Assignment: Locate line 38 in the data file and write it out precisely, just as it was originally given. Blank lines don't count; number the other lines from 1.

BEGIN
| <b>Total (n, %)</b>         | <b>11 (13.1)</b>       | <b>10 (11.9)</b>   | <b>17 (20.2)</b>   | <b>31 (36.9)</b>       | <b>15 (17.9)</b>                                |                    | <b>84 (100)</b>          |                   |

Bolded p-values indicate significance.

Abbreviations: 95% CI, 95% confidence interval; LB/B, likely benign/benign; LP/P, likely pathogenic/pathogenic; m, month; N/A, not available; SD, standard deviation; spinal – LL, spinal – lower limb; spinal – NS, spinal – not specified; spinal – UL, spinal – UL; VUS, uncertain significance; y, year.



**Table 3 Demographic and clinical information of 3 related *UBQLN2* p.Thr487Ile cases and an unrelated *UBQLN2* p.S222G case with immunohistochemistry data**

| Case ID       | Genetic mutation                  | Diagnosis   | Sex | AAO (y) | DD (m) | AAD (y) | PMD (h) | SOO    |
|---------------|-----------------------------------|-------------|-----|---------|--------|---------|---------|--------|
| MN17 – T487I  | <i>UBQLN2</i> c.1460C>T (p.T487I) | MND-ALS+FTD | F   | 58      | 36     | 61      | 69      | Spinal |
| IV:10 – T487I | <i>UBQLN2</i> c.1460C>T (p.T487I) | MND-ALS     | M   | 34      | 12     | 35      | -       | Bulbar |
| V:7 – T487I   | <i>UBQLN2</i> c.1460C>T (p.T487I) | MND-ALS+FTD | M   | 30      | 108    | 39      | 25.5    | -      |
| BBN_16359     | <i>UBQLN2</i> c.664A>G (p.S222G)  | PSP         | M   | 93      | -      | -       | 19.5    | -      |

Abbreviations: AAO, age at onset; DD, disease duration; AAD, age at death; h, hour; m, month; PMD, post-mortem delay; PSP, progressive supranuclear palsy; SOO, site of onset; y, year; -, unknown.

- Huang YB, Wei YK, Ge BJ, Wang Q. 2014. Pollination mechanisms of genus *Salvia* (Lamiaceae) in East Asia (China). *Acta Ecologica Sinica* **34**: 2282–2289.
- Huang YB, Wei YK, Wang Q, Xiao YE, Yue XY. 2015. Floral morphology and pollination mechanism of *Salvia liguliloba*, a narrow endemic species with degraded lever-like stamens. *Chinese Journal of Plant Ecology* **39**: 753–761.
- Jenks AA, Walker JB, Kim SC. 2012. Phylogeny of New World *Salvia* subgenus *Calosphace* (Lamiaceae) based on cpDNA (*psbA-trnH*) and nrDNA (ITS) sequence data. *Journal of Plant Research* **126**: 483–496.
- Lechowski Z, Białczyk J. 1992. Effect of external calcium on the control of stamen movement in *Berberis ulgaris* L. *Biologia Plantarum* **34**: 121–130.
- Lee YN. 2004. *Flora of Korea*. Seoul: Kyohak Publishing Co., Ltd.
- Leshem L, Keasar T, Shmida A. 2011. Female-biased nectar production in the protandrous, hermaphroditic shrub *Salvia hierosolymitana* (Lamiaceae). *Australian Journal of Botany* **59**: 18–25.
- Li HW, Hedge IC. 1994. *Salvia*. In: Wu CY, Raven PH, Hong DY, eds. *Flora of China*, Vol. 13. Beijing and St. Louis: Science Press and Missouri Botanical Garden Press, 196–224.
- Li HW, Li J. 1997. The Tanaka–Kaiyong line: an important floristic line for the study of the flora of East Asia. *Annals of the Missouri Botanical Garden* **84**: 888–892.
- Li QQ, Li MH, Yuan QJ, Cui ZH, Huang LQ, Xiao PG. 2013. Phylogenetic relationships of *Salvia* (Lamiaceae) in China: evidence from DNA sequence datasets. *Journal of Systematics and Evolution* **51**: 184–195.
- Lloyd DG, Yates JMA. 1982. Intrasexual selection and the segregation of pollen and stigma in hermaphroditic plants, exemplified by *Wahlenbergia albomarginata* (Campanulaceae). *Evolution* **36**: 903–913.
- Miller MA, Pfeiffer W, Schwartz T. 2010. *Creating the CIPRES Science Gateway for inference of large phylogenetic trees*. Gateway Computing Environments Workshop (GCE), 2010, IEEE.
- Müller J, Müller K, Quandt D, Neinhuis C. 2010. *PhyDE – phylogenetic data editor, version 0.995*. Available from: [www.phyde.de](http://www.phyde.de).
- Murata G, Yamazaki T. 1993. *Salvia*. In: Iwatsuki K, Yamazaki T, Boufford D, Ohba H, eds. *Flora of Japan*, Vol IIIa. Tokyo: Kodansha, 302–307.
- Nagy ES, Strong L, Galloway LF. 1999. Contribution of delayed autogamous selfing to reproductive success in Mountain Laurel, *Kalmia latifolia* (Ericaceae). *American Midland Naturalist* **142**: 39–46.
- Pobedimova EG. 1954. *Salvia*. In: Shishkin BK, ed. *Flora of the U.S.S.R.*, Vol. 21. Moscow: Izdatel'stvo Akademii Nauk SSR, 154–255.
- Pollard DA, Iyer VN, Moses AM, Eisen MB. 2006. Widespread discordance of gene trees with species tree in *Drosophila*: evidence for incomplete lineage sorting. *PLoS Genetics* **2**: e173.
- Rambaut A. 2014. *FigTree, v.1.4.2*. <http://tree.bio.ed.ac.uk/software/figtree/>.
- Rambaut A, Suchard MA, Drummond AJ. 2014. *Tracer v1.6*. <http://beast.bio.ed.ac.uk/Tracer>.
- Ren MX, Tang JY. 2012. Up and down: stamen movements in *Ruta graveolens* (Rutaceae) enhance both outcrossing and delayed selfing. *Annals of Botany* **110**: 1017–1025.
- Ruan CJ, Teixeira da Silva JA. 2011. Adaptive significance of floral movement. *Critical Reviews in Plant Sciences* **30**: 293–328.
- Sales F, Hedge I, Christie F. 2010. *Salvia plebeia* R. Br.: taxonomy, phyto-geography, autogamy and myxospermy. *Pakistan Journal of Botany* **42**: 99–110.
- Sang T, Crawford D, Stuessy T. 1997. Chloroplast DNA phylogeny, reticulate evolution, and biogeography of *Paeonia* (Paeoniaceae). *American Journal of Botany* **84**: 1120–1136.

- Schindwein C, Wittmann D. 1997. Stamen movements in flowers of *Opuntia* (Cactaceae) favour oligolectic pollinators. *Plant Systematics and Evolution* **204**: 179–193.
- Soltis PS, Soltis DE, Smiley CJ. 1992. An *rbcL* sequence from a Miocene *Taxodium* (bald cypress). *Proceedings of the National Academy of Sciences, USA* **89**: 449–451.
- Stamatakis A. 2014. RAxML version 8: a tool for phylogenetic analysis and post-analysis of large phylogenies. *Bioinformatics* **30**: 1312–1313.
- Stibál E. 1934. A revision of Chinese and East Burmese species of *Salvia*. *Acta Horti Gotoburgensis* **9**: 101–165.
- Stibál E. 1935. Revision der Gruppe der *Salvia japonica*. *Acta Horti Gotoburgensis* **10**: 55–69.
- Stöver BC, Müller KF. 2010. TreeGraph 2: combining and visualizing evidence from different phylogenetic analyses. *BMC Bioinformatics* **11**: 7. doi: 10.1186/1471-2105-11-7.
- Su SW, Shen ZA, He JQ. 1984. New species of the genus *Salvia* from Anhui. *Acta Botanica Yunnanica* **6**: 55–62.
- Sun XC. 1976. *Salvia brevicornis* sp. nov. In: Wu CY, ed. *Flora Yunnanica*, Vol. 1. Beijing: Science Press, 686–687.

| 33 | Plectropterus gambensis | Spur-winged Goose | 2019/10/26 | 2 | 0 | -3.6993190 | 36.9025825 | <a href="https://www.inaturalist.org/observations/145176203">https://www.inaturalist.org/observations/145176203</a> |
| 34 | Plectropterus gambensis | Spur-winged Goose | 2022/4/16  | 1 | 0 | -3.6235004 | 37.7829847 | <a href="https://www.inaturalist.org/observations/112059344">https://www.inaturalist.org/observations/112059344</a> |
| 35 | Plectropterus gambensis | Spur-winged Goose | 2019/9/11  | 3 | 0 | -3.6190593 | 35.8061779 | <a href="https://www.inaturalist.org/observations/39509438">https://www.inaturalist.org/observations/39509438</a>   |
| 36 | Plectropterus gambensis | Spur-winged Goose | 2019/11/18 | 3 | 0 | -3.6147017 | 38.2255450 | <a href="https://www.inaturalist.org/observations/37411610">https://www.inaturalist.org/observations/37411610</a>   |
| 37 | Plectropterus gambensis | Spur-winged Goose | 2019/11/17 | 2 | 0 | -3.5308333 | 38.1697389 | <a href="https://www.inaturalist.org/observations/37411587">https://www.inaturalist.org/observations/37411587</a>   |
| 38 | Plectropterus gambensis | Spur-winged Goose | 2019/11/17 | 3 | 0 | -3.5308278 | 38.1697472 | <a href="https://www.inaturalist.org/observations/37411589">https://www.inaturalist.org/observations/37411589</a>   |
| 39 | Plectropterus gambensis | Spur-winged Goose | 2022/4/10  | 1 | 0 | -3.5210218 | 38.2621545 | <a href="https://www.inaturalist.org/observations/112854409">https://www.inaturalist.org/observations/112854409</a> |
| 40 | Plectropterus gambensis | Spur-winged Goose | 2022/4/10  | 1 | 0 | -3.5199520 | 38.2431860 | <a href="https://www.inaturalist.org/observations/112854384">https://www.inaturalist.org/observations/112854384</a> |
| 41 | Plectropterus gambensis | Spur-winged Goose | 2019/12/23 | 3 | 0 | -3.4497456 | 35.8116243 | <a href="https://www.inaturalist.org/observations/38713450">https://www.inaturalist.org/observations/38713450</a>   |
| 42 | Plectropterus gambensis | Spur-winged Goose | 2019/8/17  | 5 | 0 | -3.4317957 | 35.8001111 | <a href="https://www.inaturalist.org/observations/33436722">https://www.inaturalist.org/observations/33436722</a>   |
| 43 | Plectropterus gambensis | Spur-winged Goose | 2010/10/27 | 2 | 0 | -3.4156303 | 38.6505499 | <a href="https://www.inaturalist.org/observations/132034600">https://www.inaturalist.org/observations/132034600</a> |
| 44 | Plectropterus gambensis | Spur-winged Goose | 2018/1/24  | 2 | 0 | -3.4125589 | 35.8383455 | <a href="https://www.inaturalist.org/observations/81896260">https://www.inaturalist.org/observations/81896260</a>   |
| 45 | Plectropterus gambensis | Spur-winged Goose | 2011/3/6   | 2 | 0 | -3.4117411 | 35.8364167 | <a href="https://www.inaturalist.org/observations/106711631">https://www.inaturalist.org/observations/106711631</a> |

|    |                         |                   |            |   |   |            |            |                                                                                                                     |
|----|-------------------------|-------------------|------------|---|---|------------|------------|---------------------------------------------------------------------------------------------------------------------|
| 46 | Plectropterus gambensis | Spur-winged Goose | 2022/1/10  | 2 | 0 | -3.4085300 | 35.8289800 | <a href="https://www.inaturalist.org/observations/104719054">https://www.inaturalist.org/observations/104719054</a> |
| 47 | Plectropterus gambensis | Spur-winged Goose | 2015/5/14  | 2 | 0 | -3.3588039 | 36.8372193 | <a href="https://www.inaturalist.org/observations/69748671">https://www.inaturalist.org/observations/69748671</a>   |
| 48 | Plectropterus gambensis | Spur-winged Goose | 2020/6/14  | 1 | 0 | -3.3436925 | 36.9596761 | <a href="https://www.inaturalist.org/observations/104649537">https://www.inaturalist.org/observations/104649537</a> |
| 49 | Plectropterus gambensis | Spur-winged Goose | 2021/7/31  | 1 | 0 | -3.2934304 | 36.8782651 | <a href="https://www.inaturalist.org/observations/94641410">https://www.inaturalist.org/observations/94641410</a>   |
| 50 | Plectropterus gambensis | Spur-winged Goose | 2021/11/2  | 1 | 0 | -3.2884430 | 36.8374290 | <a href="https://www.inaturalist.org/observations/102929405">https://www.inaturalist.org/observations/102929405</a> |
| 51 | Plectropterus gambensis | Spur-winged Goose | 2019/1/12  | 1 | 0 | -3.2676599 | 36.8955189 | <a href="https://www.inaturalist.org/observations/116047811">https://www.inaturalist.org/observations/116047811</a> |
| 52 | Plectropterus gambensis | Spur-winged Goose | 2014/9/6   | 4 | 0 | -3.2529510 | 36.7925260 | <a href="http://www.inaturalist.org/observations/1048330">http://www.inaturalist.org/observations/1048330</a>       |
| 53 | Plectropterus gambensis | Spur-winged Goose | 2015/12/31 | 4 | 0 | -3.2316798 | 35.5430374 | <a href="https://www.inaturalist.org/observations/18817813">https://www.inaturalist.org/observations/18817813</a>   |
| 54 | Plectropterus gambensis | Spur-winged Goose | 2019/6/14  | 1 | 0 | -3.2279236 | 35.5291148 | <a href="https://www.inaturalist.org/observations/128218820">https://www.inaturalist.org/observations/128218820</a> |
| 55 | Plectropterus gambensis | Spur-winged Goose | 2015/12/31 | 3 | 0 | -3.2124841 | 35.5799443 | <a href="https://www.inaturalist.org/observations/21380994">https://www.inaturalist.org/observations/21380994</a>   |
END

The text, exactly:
- Stibál E. 1935. Revision der Gruppe der *Salvia japonica*. *Acta Horti Gotoburgensis* **10**: 55–69.